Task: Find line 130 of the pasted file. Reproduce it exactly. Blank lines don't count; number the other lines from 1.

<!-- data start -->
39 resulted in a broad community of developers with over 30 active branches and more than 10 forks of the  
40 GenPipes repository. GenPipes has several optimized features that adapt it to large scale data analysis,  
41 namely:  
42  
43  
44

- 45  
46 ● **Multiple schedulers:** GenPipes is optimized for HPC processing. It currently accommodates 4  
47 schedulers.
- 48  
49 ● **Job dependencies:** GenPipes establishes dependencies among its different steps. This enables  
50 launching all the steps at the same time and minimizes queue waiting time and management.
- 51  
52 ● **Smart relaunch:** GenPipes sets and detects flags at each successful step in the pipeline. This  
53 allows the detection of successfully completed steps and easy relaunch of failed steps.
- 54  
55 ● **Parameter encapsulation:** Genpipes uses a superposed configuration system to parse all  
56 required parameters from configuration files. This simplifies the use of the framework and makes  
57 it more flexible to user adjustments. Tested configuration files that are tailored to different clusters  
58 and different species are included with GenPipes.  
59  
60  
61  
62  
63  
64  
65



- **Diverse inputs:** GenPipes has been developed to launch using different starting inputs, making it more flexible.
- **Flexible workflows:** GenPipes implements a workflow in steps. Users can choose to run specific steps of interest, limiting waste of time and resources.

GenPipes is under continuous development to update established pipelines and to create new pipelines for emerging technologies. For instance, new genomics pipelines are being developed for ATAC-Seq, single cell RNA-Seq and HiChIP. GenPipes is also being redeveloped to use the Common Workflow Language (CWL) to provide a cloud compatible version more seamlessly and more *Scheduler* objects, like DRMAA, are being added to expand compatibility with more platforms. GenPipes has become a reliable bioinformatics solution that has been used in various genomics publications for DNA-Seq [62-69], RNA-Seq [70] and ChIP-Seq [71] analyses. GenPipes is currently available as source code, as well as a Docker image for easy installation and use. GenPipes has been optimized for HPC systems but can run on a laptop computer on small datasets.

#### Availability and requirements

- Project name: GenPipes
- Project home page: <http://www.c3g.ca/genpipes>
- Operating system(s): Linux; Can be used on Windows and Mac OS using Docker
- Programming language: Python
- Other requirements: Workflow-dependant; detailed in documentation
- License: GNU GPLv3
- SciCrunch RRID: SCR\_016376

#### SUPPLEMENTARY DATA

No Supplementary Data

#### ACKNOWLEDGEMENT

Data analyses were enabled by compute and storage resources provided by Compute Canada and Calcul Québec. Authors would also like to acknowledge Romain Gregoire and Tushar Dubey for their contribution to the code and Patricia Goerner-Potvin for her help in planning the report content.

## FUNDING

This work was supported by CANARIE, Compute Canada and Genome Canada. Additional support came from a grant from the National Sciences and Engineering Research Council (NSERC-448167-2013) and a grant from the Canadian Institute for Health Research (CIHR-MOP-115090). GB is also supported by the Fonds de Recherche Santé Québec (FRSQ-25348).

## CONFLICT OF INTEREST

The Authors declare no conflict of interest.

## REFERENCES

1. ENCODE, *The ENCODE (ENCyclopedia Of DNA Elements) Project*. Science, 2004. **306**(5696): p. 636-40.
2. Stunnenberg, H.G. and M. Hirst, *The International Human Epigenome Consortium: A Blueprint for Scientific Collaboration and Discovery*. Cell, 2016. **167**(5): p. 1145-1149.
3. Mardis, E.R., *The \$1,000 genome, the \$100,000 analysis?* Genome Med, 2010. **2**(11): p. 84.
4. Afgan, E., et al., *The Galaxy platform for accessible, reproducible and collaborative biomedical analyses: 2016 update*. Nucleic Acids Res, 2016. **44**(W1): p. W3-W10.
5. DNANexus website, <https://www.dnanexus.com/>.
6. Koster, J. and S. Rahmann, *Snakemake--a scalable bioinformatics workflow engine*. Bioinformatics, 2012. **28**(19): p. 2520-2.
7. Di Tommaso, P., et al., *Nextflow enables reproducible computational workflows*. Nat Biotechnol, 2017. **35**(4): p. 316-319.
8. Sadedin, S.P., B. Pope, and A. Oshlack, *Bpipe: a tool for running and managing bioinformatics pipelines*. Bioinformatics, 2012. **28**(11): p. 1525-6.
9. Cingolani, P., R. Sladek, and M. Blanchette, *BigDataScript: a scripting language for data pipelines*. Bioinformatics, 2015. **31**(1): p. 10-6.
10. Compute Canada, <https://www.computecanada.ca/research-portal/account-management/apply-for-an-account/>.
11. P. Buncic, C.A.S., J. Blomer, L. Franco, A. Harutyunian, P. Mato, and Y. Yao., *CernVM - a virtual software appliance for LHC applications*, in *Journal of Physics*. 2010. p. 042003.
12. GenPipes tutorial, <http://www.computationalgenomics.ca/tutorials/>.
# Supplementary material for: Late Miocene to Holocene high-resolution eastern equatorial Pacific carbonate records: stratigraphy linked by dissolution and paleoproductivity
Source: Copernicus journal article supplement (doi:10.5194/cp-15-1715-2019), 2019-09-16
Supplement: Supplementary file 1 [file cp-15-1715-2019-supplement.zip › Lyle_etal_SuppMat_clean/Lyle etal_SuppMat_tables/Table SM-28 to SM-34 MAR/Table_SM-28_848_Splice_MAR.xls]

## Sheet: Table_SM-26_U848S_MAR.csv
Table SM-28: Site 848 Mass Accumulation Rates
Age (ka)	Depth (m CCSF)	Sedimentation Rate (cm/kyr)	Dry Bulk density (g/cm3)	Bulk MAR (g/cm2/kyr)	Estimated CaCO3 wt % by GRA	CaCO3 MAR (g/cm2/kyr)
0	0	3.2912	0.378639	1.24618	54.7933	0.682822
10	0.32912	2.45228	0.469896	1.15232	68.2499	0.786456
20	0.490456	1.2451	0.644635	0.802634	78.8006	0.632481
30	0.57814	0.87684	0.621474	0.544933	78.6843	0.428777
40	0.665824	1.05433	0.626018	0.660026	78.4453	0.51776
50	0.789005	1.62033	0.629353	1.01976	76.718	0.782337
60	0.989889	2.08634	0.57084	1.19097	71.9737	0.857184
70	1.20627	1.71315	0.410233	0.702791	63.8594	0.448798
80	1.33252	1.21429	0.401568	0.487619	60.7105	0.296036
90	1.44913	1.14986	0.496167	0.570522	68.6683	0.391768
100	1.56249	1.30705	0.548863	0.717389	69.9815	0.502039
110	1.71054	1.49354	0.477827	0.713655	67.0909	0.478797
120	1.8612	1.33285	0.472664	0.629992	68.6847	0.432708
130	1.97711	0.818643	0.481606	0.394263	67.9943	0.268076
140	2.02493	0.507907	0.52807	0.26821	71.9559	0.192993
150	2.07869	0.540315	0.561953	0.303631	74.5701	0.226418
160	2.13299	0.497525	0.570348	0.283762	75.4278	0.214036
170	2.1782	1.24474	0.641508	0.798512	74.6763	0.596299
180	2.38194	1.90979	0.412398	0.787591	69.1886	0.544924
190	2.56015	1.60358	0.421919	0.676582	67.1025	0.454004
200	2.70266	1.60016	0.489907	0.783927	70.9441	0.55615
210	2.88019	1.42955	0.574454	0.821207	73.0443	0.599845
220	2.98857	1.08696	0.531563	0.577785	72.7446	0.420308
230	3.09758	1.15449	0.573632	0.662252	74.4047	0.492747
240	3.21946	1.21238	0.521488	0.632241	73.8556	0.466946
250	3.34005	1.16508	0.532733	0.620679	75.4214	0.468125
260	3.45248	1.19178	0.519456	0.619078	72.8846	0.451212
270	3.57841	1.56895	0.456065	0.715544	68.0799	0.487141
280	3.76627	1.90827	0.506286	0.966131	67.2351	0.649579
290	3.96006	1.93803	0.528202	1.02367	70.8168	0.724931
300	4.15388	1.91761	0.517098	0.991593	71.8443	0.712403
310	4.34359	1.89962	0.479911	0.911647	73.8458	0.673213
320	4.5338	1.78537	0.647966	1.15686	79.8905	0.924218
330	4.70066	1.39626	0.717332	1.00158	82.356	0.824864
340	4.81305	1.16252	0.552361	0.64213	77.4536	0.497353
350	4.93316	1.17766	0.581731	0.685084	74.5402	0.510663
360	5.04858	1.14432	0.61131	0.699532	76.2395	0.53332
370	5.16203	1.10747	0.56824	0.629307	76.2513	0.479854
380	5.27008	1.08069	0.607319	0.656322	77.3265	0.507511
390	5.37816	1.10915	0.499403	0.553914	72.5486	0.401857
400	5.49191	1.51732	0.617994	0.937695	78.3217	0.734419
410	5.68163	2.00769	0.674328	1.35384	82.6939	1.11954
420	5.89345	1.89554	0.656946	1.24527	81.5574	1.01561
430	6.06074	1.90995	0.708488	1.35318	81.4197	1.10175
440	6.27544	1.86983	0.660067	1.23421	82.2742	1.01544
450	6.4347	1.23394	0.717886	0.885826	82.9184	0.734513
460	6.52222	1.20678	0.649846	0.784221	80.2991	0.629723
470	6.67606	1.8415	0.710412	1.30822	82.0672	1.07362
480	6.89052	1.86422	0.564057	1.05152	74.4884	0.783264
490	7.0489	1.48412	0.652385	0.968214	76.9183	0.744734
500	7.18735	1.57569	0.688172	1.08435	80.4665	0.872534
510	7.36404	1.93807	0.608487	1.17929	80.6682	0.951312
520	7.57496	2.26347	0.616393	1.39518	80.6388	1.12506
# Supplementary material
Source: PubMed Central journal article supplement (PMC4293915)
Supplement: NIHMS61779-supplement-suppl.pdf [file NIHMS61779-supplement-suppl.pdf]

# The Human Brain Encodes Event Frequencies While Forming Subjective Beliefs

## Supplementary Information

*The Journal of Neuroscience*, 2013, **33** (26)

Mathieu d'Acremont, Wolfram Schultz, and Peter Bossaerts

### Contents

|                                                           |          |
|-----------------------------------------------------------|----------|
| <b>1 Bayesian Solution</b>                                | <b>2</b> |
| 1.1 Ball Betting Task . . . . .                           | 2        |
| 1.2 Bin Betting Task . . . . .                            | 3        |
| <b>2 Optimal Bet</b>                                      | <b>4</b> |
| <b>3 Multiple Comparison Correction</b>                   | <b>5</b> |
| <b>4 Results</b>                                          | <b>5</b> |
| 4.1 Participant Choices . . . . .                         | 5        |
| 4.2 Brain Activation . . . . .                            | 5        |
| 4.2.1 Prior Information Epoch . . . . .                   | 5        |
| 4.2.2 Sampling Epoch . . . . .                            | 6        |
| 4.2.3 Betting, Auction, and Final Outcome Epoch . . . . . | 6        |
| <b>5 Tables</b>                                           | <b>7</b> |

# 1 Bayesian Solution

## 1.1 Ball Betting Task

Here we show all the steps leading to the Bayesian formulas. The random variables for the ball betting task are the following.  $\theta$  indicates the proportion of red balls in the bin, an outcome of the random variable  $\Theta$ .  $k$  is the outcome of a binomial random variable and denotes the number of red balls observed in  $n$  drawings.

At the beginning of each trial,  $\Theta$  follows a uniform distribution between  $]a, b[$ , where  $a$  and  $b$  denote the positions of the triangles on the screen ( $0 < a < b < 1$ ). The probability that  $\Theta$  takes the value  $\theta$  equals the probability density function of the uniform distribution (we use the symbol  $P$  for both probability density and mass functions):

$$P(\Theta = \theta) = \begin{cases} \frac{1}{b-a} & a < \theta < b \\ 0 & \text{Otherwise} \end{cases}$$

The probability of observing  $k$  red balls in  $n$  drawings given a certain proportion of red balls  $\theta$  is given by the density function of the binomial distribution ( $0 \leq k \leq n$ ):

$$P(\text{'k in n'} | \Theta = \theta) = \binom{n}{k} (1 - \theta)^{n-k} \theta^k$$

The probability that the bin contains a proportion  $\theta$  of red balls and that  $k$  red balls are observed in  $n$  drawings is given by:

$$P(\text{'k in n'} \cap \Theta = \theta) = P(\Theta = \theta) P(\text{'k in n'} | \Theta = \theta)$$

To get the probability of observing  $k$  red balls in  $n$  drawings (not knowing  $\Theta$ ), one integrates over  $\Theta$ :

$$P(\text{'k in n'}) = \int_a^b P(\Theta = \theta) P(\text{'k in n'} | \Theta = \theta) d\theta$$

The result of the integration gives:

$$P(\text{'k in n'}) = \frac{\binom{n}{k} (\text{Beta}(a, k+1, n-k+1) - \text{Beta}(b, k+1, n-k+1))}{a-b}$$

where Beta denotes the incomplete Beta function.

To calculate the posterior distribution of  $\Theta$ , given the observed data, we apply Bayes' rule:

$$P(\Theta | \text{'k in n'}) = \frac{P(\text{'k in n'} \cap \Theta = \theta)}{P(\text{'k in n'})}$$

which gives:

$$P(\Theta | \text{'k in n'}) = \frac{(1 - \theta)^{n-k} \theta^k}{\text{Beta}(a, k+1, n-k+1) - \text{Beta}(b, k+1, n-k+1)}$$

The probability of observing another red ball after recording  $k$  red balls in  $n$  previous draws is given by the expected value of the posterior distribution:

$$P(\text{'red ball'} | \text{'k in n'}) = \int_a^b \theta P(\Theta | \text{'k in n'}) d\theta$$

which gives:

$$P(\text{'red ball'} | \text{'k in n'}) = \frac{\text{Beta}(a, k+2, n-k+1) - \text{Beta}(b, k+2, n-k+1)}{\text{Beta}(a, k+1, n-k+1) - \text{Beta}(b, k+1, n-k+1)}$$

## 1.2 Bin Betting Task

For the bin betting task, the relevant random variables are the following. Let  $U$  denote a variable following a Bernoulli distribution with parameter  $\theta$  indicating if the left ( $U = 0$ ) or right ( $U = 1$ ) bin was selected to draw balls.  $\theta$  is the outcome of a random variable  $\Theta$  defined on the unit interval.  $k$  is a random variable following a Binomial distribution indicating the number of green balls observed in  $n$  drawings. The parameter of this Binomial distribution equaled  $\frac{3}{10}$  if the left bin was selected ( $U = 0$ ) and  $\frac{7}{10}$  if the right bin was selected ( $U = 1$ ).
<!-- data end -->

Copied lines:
| 1.1 Ball Betting Task . . . . .                           | 2        |